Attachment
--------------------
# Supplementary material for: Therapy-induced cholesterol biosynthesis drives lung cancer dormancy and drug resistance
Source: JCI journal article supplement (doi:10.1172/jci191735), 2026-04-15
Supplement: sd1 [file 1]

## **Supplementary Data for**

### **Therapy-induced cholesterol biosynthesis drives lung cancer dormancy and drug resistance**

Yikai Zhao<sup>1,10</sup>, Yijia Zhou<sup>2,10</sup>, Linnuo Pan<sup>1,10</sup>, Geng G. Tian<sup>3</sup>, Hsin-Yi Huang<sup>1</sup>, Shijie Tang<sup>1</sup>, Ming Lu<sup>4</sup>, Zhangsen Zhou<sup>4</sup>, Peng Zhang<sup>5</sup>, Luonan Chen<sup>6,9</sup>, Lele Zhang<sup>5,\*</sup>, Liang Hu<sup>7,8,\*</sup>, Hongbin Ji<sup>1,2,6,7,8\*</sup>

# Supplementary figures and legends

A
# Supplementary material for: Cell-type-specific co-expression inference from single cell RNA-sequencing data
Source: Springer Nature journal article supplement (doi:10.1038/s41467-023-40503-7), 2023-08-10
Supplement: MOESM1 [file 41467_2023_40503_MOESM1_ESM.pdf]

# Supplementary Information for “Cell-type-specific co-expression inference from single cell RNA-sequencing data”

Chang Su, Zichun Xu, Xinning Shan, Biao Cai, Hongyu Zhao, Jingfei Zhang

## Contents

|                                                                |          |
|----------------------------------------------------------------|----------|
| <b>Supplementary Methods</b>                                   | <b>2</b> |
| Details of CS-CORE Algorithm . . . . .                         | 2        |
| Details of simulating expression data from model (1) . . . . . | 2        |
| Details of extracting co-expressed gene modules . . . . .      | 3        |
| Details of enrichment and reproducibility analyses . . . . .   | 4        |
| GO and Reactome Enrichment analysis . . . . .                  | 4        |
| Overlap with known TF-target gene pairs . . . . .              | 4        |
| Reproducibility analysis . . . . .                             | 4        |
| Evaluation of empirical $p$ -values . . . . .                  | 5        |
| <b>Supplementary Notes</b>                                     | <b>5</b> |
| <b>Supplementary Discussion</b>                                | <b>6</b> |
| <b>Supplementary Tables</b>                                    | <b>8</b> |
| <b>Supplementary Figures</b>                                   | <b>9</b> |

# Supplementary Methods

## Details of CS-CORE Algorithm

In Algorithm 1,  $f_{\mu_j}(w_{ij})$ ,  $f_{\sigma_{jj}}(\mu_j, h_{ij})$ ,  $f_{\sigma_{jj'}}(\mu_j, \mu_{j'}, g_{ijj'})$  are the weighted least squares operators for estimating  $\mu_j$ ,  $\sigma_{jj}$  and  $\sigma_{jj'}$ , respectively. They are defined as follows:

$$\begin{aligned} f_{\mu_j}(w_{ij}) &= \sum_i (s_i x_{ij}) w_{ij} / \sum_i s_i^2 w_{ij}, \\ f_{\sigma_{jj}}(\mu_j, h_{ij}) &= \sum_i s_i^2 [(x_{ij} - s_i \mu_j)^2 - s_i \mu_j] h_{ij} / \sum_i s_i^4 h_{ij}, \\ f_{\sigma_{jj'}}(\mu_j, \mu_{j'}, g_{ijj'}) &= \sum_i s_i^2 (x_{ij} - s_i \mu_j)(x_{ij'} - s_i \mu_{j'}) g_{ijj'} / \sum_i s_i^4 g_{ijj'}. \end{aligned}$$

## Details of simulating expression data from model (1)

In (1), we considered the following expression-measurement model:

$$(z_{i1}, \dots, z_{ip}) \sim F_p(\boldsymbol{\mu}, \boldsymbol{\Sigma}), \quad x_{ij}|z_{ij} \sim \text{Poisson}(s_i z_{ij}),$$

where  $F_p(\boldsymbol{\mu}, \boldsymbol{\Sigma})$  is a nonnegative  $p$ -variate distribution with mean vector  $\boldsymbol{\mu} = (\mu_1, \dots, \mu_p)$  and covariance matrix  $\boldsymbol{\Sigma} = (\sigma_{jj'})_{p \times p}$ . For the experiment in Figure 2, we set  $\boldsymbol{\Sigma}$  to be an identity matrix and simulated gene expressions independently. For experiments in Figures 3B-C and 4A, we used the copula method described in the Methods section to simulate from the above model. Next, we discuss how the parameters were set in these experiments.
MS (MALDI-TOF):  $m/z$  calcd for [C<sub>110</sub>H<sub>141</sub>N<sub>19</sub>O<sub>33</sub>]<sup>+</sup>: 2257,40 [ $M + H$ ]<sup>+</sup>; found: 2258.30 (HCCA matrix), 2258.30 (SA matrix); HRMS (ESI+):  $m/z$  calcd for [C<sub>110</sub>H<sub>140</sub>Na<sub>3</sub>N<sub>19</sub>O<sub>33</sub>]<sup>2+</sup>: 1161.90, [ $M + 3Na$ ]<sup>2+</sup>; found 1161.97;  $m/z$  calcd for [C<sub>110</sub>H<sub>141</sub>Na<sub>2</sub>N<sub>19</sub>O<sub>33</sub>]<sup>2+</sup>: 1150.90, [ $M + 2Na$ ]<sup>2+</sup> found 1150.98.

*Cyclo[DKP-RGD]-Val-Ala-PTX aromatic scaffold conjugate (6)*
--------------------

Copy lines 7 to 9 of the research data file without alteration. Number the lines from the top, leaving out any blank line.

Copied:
# Supplementary figures and legends

A
# Supplementary material for: Cell-type-specific co-expression inference from single cell RNA-sequencing data